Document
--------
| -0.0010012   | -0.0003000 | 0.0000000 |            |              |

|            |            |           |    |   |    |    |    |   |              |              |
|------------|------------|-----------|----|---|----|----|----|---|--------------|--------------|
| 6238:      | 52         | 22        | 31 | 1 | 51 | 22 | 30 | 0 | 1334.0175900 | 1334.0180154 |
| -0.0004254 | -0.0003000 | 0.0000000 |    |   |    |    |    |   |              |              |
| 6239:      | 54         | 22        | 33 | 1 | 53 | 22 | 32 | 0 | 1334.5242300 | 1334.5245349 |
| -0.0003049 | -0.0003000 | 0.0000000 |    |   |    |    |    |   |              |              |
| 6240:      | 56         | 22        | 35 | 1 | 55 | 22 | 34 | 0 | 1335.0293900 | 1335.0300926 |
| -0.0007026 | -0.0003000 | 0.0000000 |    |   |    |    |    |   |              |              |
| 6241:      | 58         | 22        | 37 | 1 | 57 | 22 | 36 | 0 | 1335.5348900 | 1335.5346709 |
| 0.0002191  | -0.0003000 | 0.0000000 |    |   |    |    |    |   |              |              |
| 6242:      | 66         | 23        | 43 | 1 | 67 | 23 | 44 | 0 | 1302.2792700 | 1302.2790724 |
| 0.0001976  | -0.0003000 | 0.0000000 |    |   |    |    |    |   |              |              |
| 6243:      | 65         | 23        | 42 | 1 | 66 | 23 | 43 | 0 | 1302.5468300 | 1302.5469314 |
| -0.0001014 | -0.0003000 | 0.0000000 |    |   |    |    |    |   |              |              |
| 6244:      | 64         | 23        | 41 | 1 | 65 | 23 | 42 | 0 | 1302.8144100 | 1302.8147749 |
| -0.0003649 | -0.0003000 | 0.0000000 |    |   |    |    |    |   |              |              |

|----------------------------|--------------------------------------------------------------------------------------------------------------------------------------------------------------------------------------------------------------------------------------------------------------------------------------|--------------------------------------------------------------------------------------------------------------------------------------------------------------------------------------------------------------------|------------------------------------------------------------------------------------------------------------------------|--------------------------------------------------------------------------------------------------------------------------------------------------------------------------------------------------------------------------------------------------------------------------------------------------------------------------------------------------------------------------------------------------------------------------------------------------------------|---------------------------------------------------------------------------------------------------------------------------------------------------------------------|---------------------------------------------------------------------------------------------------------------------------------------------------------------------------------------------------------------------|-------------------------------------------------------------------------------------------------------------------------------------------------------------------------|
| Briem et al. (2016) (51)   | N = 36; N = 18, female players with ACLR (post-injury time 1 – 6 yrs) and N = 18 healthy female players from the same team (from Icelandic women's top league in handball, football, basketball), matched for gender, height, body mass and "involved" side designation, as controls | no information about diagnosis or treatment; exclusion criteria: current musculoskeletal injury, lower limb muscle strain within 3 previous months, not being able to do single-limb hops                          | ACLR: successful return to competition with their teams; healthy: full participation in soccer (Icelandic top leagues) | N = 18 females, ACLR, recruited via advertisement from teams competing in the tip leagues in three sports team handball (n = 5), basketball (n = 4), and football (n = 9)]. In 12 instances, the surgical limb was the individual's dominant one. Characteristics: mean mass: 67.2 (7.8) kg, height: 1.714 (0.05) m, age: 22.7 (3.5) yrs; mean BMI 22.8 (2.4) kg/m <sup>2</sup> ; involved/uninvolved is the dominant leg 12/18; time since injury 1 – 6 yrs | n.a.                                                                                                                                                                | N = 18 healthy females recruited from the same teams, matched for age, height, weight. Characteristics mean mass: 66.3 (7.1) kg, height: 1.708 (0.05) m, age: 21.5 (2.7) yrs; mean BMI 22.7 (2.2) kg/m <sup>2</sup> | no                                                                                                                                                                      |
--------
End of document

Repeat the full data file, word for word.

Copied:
| -0.0010012   | -0.0003000 | 0.0000000 |            |              |

|            |            |           |    |   |    |    |    |   |              |              |
|------------|------------|-----------|----|---|----|----|----|---|--------------|--------------|
| 6238:      | 52         | 22        | 31 | 1 | 51 | 22 | 30 | 0 | 1334.0175900 | 1334.0180154 |
| -0.0004254 | -0.0003000 | 0.0000000 |    |   |    |    |    |   |              |              |
| 6239:      | 54         | 22        | 33 | 1 | 53 | 22 | 32 | 0 | 1334.5242300 | 1334.5245349 |
| -0.0003049 | -0.0003000 | 0.0000000 |    |   |    |    |    |   |              |              |
| 6240:      | 56         | 22        | 35 | 1 | 55 | 22 | 34 | 0 | 1335.0293900 | 1335.0300926 |
| -0.0007026 | -0.0003000 | 0.0000000 |    |   |    |    |    |   |              |              |
| 6241:      | 58         | 22        | 37 | 1 | 57 | 22 | 36 | 0 | 1335.5348900 | 1335.5346709 |
| 0.0002191  | -0.0003000 | 0.0000000 |    |   |    |    |    |   |              |              |
| 6242:      | 66         | 23        | 43 | 1 | 67 | 23 | 44 | 0 | 1302.2792700 | 1302.2790724 |
| 0.0001976  | -0.0003000 | 0.0000000 |    |   |    |    |    |   |              |              |
| 6243:      | 65         | 23        | 42 | 1 | 66 | 23 | 43 | 0 | 1302.5468300 | 1302.5469314 |
| -0.0001014 | -0.0003000 | 0.0000000 |    |   |    |    |    |   |              |              |
| 6244:      | 64         | 23        | 41 | 1 | 65 | 23 | 42 | 0 | 1302.8144100 | 1302.8147749 |
| -0.0003649 | -0.0003000 | 0.0000000 |    |   |    |    |    |   |              |              |

|----------------------------|--------------------------------------------------------------------------------------------------------------------------------------------------------------------------------------------------------------------------------------------------------------------------------------|--------------------------------------------------------------------------------------------------------------------------------------------------------------------------------------------------------------------|------------------------------------------------------------------------------------------------------------------------|--------------------------------------------------------------------------------------------------------------------------------------------------------------------------------------------------------------------------------------------------------------------------------------------------------------------------------------------------------------------------------------------------------------------------------------------------------------|---------------------------------------------------------------------------------------------------------------------------------------------------------------------|---------------------------------------------------------------------------------------------------------------------------------------------------------------------------------------------------------------------|-------------------------------------------------------------------------------------------------------------------------------------------------------------------------|
| Briem et al. (2016) (51)   | N = 36; N = 18, female players with ACLR (post-injury time 1 – 6 yrs) and N = 18 healthy female players from the same team (from Icelandic women's top league in handball, football, basketball), matched for gender, height, body mass and "involved" side designation, as controls | no information about diagnosis or treatment; exclusion criteria: current musculoskeletal injury, lower limb muscle strain within 3 previous months, not being able to do single-limb hops                          | ACLR: successful return to competition with their teams; healthy: full participation in soccer (Icelandic top leagues) | N = 18 females, ACLR, recruited via advertisement from teams competing in the tip leagues in three sports team handball (n = 5), basketball (n = 4), and football (n = 9)]. In 12 instances, the surgical limb was the individual's dominant one. Characteristics: mean mass: 67.2 (7.8) kg, height: 1.714 (0.05) m, age: 22.7 (3.5) yrs; mean BMI 22.8 (2.4) kg/m <sup>2</sup> ; involved/uninvolved is the dominant leg 12/18; time since injury 1 – 6 yrs | n.a.                                                                                                                                                                | N = 18 healthy females recruited from the same teams, matched for age, height, weight. Characteristics mean mass: 66.3 (7.1) kg, height: 1.708 (0.05) m, age: 21.5 (2.7) yrs; mean BMI 22.7 (2.2) kg/m <sup>2</sup> | no                                                                                                                                                                      |